Stellan Skarsgard says Marvel movies may be bad for business

Stellan Skarsgard says Marvel movies may be bad for business

Swedish actor Stellan Skarsgard has weighed in on the movie franchise that keeps getting trash-talked by the biggest and best directors.

Superhero flicks have been getting the flick from many acclaimed and talented directors over the last few years but Stellan Skarsgard has shared a rather nuanced opinion on the genre.

For a bunch of fantastical films aimed to please a wide, family-based audience, the Marvel films sure do divide film critiques on whether or not the franchise is any good.

Swedish actor Stellan Skarsgard has recently made his own opinion known about the insanely high budget films, that he himself has been a part of.

The actor, best known for his roles in Good Will Hunting and Mamma Mia! is also recognisable as Doctor Erik Selvig from the Marvel Cinematic Universe.

Skarsgard was asked for his thoughts on the matter at the Gotenberg Film Festival and gave a considered and eloquent response.

Rather than sharing his thoughts on whether or not he even likes the movies, Skarsgard pointed out that these $200 million movies are actually detrimental to the creation of lower budget cinema.

“I’ve got nothing against superhero movies. I’ve been in a couple and they definitely have a place. The problem is that the system that allows eight people to own half of the death in the world enhances the power of the market forces, so small and independent cinemas rarely exist any more outside a few big cities.” 

Many of the best in the biz have trashed the undeniably popular superhero films in the past few years and it was only just last week that award-winning Alien director Ridley Scott was quoted referring to Marvel movies as “f*cking boring as sh*t”.

Skarsgard went on to say, “What Martin Scorsese wrote in his article [in the New York Times] was not that it was Marvel’s fault because it’s not and he knows that. The fault is that we have, for decades, believed that the market should rule everything and that the rich should get richer. And that is the root of it all because what has happened is that all the different small distribution companies have been erased.”

The article Skarsgard referred to was released in 2019 when the famed director Martin Scorsese said in an interview with Empire magazine, “Marvel movies aren’t cinema”.

Scorsese’s explosive comment circulated the internet and enraged Marvel fans to a point where Scorsese felt it necessary to articulate his opinion further.

In November 2019, Martin Scorses wrote an article that was published in the New York Times titled Martin Scorses: I Said Marvel Movies Aren’t Cinema. Let Me Explain. And he did just that.

The New York Times piece outlined that Scorsese’s fundamental ideas of film isn’t catered to in these superhero films because he grew up at a different time and developed a different sense of taste. He wrote about the reasons he came to love and respect cinema, 

“cinema was about revelation — aesthetic, emotional and spiritual revelation. It was about characters — the complexity of people and their contradictory and sometimes paradoxical natures, the way they can hurt one another and love one another and suddenly come face to face with themselves.”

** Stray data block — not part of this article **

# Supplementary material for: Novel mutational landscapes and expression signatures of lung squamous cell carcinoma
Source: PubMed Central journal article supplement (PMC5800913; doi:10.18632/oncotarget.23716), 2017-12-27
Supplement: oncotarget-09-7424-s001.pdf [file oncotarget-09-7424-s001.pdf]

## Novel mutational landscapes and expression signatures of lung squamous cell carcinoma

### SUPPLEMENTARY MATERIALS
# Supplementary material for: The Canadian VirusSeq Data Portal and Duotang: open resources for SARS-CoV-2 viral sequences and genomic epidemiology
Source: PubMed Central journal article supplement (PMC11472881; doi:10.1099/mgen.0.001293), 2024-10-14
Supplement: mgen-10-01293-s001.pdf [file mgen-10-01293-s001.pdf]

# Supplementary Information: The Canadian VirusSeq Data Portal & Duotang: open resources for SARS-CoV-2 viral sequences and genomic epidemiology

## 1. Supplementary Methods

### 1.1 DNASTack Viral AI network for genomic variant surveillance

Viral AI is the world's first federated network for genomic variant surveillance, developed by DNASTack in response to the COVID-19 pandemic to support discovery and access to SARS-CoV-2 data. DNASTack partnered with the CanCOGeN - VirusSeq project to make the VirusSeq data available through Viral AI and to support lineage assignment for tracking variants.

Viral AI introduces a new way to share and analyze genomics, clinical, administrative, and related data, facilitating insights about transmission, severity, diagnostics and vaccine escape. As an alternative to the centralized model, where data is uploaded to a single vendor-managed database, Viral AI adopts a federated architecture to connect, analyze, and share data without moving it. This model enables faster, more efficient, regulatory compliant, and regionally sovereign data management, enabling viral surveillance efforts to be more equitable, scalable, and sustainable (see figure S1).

Scorsese’s explaination of his opinion was perfectly mild mannered and outlined that tastes do infact differ and one person’s opinion cannot outrule another’s. Even if you think that the Marvel and DC movies have a formulaic structure that ticks boxes for market researchers in order to churn out the same (pretty much) movie with different costumes, over and over.

Many of the once-off quotes that trash the Marvel movies have certainly been sensationalised to make some of the greatest directors in history look jealous and petty. Though Ridley Scott did seem to go full old-man-yells-at-cloud about why millenials preferred certain films, he somewhat justified his point of view in a critical manner, saying that poor screenplays are the issue, 

“Sorry. I got off the rail, but I mean, c’mon. They’re mostly saved by special effects, and that’s becoming boring for everyone who works with special effects, if you’ve got the money.”

Considering the timeless nature of Scott’s films, it’s probably worth noting that he speaks with some authority on the matter.

Skarsgard’s comments offer another, potentially much more important, side of the conversation that is no so much a matter of taste but an insight from the industry itself.

“It’s a monopoly everywhere. Some film companies are not anymore run by people who want to make money specifically out of the film because they like the film. They are run by big corporations that want 10% back on their invested capital. Which means that as long as they sell popcorn, it’s fine. That’s why all the mid-range films lower than 100 million dollars in budget and over three million dollars in budget, they don’t exist anymore.”

Skargard continuted, “mid-range films are those that can slowly grow in the cinema. They opened in a few cinemas and they went for years. One Flew Over The Cuckoo’s Nest was continuously running in Stockholm for 20 years. That will not happen now. So it’s not all the fault of Marvel. It’s the fault of an idea about how the economical systems of the world should work. Because these systems are all fiction, but the fiction that we have had for the last couple of decades has led to this.”

“The people’s opinion has no chance any more. And that is sad.”

While it’s no sin to enjoy the newest Marvel film, in fact it’s been designed in a way to ensure that you do, maybe the next time you’re looking to be surprised and to be touched by a cinematic experience, you could enjoy seeing something with a small budget and a big heart at an independant theatre.